Greenland expedition sets Guinness record

Whitehorse's Devon McDiarmid and Derek Crowe, along with British teammate Adrian Hayes, were recently awarded world records for the longest Arctic unsupported snow kiting expedition.

Two Yukoners are world record holders, says the Guinness Book of World Records.

Whitehorse’s Devon McDiarmid and Derek Crowe, along with British teammate Adrian Hayes, were recently awarded world records for the longest Arctic unsupported snow kiting expedition.

“Adrian had said that he thought there might be a chance of setting a record, but we were not sure of the details,” wrote McDiarmid in an e-mail to the News. “We were not intentionally trying to set one. It was more of a byproduct of the expedition.”

In a trip that would take 67 days ending July 25, 2009, the three adventurers kite-skied from the base of Greenland, all the way to the top, and part way back down to MacCormick Fjord near Qaanaq, traveling the record setting distance of 3,120 kilometres – well, sort of.

“The actual distance we travelled was a lot farther than 3,120 kilometres because we were being measured in a straight line – as the crow flies,” said Crowe. “As a matter of fact, we travelled over 4,000 kilometres.

“When you’re traveling with the wind, you can only very rarely travel to where you want to go. You have to tack and drive, depending on how the conditions are.”

Crowe’s comment is best exemplified by the threesome’s final stretch to Qaanaq from the northern tip, one day traveling more than 150 kilometres to achieve just 30 kilometres of progress.

“We were tacking upwind,” said Crowe. “At that point we were starting to ration our food because we didn’t know if we’d get out in less than 70 days. So we were in better condition to kite 150 kilometres than walk 30 kilometres in a straight line up wind.”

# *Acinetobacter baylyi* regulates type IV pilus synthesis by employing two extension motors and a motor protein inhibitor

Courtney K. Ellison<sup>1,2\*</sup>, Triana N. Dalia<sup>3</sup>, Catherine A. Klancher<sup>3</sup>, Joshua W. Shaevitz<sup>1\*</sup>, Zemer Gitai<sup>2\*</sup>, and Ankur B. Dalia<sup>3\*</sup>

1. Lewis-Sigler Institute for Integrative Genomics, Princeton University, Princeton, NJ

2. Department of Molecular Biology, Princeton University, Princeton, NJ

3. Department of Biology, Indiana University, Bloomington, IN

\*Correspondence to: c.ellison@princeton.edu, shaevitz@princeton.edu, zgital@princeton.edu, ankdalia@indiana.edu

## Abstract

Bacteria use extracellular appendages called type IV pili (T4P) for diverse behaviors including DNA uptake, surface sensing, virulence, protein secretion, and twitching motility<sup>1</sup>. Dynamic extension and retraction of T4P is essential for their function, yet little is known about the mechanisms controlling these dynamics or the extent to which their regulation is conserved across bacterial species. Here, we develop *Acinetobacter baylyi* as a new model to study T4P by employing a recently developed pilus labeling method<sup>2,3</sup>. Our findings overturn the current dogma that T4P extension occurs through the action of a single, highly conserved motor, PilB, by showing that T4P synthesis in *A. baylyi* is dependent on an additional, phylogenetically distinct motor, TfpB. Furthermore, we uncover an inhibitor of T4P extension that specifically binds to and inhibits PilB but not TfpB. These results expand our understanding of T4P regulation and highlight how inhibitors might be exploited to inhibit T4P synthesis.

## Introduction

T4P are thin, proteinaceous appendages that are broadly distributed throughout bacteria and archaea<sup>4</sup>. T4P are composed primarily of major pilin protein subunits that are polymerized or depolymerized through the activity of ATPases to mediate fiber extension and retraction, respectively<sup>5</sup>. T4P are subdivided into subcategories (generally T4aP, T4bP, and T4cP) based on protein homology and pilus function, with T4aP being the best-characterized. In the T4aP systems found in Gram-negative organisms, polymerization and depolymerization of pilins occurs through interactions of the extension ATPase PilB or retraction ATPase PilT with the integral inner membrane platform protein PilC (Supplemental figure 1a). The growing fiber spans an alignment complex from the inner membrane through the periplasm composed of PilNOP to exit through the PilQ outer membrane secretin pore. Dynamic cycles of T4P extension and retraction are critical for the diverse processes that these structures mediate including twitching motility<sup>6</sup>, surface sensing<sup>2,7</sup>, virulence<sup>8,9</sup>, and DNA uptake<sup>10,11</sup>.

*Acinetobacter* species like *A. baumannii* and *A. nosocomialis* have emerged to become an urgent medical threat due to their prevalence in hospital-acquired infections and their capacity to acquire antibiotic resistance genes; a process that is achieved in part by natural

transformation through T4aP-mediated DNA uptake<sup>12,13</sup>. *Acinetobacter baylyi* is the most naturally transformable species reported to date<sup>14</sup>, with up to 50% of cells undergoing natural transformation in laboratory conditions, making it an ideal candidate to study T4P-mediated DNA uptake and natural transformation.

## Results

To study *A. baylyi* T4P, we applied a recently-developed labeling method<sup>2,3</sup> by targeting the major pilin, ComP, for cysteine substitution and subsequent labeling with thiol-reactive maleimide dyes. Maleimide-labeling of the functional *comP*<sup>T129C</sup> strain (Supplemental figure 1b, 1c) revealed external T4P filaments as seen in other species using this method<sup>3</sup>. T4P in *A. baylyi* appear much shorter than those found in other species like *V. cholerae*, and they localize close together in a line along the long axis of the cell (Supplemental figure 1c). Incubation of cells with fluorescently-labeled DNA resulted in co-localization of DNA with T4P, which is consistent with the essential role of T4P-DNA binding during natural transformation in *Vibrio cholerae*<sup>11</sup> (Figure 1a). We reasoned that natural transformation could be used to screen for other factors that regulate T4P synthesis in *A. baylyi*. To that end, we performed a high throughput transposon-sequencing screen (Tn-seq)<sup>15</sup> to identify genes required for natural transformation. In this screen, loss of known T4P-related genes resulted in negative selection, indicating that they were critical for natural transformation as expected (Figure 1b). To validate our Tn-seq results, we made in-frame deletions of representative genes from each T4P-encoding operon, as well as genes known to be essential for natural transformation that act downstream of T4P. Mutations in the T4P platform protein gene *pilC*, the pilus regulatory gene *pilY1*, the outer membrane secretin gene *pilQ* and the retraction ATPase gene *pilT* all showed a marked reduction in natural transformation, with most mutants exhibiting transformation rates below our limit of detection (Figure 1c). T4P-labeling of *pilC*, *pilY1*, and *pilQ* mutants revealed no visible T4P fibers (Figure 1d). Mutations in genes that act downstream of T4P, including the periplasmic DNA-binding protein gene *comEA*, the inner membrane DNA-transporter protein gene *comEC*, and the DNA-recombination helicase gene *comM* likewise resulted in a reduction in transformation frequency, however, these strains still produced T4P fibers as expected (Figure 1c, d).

Heading down to Qaanaq, the three had more to deal with than unco-operative wind and a 2,100-metre decent, so much so, the two Yukoners agree it’ll be a long time before they attempt that route again.

“I still remember it all like it was yesterday,” wrote McDiarmid. “The hardest part of that expedition was the last leg of the journey. We had winds in the wrong direction, bad ground, including crevasses, short on time, and no sign of any of it getting better. This was a 1,000-kilometres worth!

“I really do not think I would do that same trip again. Another trip on Greenland for sure, but not that same route.”

Kite-skiing from southern tip to the most northern reaches of the country, which had been done before by other adventurers, was the “easy part,” said Crowe. “I wouldn’t do that second part of the trip again.”

The record is a first for the two Yukoners, but not for Hayes. The British adventurer who resides in Dubia, UAE, holds a world record for visiting the Earth’s “three poles” in the shortest period of time. In 19 months and three days, he hiked to both the North and South poles and reached the summit of Mount Everest. In fact, Hayes’ journey to the South Pole was led by McDiarmid, who just left Chile for his sixth expedition to the pole.

“There is a rich history of explores in the Yukon, and in the North, I like to think that I’m helping keep that part of our culture going,” wrote McDiarmid.

If you would like to go on a similar expedition, consider this: as a Yukoner, you already have a bunch of training to call on, said Crowe.

“In the Yukon we just call it keeping warm over the winter,” said Crowe. “The conditions we go through, just over the past few days, getting to work every day, really do prepare you quite well. You just don’t have a wood stove or a house at the end of the day.

“We know how to deal with the snow and the cold.

“I know a bunch of people who could have done this Greenland expedition.”

While McDiarmid heads south, Crowe has his own plans for the winter. Once again going unsupported, Crowe will be doing some “extreme descents” of the bunny hill at Big White Ski Resort in Kelowna over the Christmas break with his two-year-old daughter.

“And we’ll do Mt. Sima when we get back,” said Crowe.

“Yukon has some outstanding kiting conditions for training for these kind of expeditions,” he added. “You’d be hard pressed to find a better location in the world that is this close to amenities and an airport.”

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